In the last offering in this series  your humble servant promised to explore Pope Leo XIII’s objection to socialism on natural law grounds, and this I will now endeavor to do. For those of you following along, we are in the midst of Leo XIII’s encyclical Rerum novarum , wherein he, among other things, explained why socialism was not an adequate remedy for the serious plight of the working class in his day.
The natural law rationale that he gave was based on human reason and the way that property is primitively acquired. By means of these he concluded that a human being “has by nature the right to possess property as his own,” (Ibid, §6) while the socialists were contending that justice could only be served if that right was abolished.
Human reason, the Pope said, gave us the power to understand and prepare for our needs over time. He put it this way:
“It is the mind, or reason, which is the predominant element in us who are human creatures; it is this which renders a human being human, and distinguishes him essentially from the brute. And on this very account – that man alone among the animal creation is endowed with reason – it must be within his right to possess things not merely for temporary and momentary use, as other living things do, but to have and to hold them in stable and permanent possession; he must have not only things that perish in the use, but those also which, though they have been reduced into use, continue for further use in after time.
“This becomes still more clearly evident if man’s nature be considered a little more deeply. For man, fathoming by his faculty of reason matters without number, linking the future with the present, and being master of his own acts, guides his ways under the eternal law and the power of God, whose providence governs all things. Wherefore, it is in his power to exercise his choice not only as to matters that regard his present welfare, but also about those which he deems may be for his advantage in time yet to come. Hence, man not only should possess the fruits of the earth, but also the very soil, inasmuch as from the produce of the earth he has to lay by provision for the future. Man’s needs do not die out, but forever recur; although satisfied today, they demand fresh supplies for tomorrow. Nature accordingly must have given to man a source that is stable and remaining always with him, from which he might look to draw continual supplies.” (Ibid, §§6-7)
Without private property we cannot secure provisions for the future, but instead are left to whatever nature can afford us at the moment of need. But God has given us the double gift that we are capable of both understanding our future needs and providing for them. And since God did not give us this ability only to frustrate us, it follows that we are to make use of it, and the use of it results in private productive property. And here we see why many socialists have found atheism to be a useful posture toward life.
The Holy Father also pointed out that the very means we acquire things from nature gives us a right to ownership of those very things. He said,
“Truly, that which is required for the preservation of life, and for life’s well-being, is produced in great abundance from the soil, but not until man has brought it into cultivation and expended upon it his solicitude and skill. Now, when man thus turns the activity of his mind and the strength of his body toward procuring the fruits of nature, by such act he makes his own that portion of nature’s field which he cultivates – that portion on which he leaves, as it were, the impress of his personality; and it cannot but be just that he should possess that portion as his very own, and have a right to hold it without any one being justified in violating that right.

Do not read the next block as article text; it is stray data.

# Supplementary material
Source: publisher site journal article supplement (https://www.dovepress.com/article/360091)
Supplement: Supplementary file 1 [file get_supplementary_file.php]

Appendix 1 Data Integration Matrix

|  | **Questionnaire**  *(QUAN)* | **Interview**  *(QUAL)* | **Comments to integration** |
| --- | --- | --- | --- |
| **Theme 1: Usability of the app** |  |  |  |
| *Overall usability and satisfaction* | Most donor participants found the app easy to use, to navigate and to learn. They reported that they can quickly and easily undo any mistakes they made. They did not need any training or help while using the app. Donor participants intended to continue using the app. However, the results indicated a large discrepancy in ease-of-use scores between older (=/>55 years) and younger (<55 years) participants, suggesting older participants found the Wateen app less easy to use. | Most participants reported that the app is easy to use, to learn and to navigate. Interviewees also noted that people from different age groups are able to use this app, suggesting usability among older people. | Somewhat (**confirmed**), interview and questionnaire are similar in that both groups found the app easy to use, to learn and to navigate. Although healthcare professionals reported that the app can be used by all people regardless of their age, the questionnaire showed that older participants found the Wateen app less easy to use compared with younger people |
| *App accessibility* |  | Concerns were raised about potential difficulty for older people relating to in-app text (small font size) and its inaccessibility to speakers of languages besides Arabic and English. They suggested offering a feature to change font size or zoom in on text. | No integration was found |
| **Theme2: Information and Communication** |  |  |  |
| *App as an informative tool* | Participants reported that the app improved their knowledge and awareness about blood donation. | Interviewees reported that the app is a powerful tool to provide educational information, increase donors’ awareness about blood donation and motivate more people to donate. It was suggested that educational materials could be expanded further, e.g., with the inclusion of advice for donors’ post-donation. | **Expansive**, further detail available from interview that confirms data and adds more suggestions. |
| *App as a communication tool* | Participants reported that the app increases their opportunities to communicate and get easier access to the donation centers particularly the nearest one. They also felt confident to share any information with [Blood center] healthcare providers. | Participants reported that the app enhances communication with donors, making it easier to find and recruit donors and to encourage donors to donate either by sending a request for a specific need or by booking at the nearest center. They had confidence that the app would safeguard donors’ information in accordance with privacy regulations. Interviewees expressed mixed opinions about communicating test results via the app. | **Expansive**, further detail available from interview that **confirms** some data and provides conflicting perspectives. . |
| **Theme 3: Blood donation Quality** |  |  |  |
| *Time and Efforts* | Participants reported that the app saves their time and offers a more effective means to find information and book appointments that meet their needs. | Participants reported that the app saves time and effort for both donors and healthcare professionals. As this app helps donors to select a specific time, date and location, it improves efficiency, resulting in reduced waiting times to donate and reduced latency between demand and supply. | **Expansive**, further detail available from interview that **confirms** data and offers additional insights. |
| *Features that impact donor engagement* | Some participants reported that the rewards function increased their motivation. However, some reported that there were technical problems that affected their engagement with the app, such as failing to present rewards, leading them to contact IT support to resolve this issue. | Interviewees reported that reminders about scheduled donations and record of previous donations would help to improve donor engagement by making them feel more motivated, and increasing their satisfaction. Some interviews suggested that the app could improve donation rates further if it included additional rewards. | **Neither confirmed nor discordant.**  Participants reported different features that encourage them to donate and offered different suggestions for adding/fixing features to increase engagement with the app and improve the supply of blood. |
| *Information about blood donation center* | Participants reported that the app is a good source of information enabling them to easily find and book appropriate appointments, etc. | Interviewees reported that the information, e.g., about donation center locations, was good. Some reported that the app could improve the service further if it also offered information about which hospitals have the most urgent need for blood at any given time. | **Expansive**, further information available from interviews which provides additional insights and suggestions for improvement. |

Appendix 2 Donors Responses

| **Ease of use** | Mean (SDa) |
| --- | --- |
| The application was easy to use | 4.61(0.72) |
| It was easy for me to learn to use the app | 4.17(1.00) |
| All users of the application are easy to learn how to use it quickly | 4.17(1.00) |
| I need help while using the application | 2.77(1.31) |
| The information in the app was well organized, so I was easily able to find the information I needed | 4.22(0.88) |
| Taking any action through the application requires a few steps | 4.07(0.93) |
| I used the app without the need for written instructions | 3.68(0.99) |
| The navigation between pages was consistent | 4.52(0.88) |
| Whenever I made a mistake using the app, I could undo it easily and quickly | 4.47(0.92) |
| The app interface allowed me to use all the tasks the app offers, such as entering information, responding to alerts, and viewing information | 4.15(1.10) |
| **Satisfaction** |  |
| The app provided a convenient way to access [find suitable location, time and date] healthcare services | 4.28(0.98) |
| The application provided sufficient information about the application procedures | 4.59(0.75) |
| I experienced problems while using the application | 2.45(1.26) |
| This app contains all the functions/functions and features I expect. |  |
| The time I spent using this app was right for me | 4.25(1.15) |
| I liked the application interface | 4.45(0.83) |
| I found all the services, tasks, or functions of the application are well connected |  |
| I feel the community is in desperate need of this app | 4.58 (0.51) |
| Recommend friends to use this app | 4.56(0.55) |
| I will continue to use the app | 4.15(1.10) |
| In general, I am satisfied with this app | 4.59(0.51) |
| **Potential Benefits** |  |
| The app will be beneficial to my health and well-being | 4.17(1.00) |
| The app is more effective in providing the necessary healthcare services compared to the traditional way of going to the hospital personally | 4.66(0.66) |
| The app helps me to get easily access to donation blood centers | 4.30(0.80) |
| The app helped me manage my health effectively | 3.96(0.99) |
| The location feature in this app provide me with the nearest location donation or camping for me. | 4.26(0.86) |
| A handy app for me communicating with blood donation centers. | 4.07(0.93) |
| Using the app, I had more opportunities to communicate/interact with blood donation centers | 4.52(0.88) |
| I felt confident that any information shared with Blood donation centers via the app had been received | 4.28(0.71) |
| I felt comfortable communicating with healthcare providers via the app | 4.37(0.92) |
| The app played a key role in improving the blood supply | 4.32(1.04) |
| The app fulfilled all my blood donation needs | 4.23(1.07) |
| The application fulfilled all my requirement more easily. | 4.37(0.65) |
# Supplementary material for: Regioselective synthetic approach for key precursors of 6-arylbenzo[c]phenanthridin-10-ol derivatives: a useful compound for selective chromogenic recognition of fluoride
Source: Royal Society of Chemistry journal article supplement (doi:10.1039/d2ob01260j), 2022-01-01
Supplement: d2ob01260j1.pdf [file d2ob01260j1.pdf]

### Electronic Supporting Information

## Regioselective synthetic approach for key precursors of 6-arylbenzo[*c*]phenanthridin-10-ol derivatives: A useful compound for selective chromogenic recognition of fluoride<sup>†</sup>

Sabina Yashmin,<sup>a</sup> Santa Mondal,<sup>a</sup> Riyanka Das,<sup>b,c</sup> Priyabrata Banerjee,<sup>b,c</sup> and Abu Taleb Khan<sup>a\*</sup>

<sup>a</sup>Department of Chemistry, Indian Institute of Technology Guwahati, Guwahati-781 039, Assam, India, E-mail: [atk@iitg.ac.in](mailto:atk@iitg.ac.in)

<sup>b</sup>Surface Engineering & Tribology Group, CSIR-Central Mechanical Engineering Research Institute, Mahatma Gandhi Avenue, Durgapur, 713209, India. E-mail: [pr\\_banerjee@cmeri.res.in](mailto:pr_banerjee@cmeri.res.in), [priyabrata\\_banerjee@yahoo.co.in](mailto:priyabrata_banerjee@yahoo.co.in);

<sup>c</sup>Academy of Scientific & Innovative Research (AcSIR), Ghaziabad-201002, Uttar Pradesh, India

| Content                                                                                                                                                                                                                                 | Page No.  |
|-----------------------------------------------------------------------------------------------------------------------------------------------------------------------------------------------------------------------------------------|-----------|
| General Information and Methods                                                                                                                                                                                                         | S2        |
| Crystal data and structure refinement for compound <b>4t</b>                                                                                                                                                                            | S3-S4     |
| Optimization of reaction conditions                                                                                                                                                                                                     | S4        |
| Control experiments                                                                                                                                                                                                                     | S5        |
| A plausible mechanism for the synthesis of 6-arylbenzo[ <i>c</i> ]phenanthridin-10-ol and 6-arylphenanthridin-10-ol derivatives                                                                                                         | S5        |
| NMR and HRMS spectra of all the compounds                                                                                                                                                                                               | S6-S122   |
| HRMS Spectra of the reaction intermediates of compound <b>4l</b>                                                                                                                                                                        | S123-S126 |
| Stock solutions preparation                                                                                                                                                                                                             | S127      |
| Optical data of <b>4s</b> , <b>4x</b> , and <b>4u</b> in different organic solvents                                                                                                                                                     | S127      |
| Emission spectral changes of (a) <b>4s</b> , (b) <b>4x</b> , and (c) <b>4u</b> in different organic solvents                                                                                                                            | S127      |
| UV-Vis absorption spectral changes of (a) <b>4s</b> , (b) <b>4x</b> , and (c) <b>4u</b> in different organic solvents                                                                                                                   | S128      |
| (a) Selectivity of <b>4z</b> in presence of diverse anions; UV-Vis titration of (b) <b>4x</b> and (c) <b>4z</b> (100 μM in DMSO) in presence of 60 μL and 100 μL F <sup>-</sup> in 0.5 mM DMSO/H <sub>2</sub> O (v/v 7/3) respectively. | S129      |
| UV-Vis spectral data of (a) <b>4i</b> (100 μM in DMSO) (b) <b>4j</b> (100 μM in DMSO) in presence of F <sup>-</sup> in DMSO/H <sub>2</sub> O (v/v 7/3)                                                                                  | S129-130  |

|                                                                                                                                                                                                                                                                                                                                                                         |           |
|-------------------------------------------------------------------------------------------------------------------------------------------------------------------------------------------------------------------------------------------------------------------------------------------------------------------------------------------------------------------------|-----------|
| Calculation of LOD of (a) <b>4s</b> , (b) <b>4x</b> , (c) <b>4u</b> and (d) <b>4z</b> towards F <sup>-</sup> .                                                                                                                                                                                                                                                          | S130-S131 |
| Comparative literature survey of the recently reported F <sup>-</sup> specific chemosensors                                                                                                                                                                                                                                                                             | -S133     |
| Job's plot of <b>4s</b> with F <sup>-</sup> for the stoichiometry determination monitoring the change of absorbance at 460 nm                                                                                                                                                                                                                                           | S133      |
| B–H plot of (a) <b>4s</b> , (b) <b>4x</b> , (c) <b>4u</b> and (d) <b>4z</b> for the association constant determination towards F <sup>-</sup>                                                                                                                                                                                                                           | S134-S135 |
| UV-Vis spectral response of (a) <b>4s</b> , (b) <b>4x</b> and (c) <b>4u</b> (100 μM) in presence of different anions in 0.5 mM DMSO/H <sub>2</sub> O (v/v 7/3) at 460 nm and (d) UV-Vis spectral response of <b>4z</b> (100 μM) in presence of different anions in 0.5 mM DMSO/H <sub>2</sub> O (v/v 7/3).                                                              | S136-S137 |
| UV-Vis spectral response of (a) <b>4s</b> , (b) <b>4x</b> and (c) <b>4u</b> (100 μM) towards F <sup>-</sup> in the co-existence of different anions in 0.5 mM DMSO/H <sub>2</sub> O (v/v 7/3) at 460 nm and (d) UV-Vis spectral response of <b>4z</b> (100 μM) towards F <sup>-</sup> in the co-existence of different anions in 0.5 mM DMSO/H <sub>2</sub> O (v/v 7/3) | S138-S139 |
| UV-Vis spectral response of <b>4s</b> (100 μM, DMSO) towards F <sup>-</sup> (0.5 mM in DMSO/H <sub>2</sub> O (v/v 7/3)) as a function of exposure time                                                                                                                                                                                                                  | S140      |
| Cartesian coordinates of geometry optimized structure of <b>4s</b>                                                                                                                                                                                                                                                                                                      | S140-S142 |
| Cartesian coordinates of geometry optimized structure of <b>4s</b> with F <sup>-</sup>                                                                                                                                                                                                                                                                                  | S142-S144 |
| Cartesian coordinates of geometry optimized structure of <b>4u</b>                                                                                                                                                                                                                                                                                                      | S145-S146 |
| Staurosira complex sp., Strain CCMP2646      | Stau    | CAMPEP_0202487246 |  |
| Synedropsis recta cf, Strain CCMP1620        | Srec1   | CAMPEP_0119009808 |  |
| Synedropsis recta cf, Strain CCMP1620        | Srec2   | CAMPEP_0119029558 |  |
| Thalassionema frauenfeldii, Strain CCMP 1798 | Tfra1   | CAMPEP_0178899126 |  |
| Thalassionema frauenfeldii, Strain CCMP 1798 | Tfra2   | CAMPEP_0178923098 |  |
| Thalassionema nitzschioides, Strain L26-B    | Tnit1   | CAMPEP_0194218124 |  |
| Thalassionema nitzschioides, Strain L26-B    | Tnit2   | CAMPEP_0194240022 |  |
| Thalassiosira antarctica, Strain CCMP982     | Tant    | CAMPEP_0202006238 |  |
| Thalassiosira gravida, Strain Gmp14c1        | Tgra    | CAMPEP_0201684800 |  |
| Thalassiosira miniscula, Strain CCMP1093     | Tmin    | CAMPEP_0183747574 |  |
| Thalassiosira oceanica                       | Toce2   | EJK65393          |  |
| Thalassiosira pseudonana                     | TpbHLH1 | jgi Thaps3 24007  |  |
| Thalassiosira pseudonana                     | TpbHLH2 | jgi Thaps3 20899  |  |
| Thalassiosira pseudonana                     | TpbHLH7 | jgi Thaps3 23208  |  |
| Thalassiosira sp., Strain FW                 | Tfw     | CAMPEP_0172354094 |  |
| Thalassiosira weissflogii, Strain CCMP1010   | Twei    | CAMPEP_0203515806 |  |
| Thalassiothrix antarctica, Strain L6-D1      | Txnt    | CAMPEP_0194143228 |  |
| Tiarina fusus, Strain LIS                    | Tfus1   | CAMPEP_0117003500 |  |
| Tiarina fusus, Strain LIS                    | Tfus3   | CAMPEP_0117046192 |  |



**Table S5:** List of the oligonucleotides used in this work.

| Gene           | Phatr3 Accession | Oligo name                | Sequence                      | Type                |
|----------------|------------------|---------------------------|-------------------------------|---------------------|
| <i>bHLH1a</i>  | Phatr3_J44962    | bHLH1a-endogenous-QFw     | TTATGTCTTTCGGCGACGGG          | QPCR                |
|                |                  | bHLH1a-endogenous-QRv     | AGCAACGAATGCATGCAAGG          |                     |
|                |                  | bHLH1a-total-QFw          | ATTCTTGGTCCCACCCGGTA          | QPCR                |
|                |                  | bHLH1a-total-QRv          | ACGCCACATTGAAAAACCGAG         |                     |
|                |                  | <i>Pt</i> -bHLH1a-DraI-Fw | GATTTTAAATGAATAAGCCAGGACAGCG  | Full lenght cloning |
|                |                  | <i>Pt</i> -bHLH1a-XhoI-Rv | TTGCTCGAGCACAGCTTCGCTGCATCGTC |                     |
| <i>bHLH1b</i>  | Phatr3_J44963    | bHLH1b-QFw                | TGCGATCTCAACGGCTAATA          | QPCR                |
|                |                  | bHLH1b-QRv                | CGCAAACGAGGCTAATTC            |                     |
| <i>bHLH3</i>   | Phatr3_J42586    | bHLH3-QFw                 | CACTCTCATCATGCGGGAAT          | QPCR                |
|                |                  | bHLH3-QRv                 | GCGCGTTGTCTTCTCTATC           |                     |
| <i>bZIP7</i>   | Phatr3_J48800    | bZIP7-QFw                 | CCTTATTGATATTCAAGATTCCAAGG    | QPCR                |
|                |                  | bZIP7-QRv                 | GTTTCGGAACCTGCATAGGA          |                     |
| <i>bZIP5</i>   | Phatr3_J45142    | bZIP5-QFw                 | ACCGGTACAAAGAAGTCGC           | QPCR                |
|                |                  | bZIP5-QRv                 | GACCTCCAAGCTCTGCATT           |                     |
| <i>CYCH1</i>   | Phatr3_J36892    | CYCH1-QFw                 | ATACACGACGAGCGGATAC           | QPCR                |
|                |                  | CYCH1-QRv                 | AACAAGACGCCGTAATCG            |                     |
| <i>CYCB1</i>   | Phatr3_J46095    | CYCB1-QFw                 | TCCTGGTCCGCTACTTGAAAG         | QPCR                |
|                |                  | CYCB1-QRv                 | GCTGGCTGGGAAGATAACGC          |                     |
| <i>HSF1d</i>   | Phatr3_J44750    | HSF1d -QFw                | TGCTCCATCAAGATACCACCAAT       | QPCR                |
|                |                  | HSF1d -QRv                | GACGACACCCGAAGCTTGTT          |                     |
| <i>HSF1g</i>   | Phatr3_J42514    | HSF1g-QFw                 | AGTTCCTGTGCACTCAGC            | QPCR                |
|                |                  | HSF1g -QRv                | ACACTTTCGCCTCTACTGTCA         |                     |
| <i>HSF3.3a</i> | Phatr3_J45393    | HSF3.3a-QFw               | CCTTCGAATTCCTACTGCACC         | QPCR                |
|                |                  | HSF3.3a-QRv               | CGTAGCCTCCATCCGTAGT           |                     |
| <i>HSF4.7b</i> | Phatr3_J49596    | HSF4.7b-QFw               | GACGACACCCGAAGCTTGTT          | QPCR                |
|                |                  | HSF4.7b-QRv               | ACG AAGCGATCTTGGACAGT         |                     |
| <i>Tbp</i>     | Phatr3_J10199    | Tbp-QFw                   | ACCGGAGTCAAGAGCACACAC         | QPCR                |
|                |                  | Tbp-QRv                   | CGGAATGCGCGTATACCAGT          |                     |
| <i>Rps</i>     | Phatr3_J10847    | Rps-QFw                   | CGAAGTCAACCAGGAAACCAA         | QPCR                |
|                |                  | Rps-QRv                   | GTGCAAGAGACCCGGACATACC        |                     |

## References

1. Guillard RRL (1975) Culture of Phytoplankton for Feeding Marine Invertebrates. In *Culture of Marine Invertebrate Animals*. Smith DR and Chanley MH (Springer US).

“So strong and convincing are these arguments that it seems amazing that some should now be setting up anew certain obsolete opinions in opposition to what is here laid down. They assert that it is right for private persons to have the use of the soil and its various fruits, but that it is unjust for any one to possess outright either the land on which he has built or the estate which he has brought under cultivation. But those who deny these rights do not perceive that they are defrauding man of what his own labor has produced. For the soil which is tilled and cultivated with toil and skill utterly changes its condition; it was wild before, now it is fruitful; was barren, but now brings forth in abundance. That which has thus altered and improved the land becomes so truly part of itself as to be in great measure indistinguishable and inseparable from it. Is it just that the fruit of a man’s own sweat and labor should be possessed and enjoyed by any one else? As effects follow their cause, so is it just and right that the results of labor should belong to those who have bestowed their labor.” (Ibid, §§9-10)
In a world where most real estate that is owned has been acquired ultimately by conquest, this might be a little hard to swallow. In fact, we see now too often that those who labor do not acquire productive property at all. But a little analysis will reveal that it is really force that keeps the laborer from the fruits of his labor; whether it be the force of the conqueror, the force of the robber, or the force of the State through its property laws.
The socialists that Pope Leo XIII was confronting were able to understand how that force functioned better than most. Unfortunately, their remedy was to make that force complete, and deprive humans of the right to acquire productive property at all. As a believer in natural law, the Holy Father was compelled to reject that solution.
The icon of St. Joseph the Worker is by Daniel Nichols.
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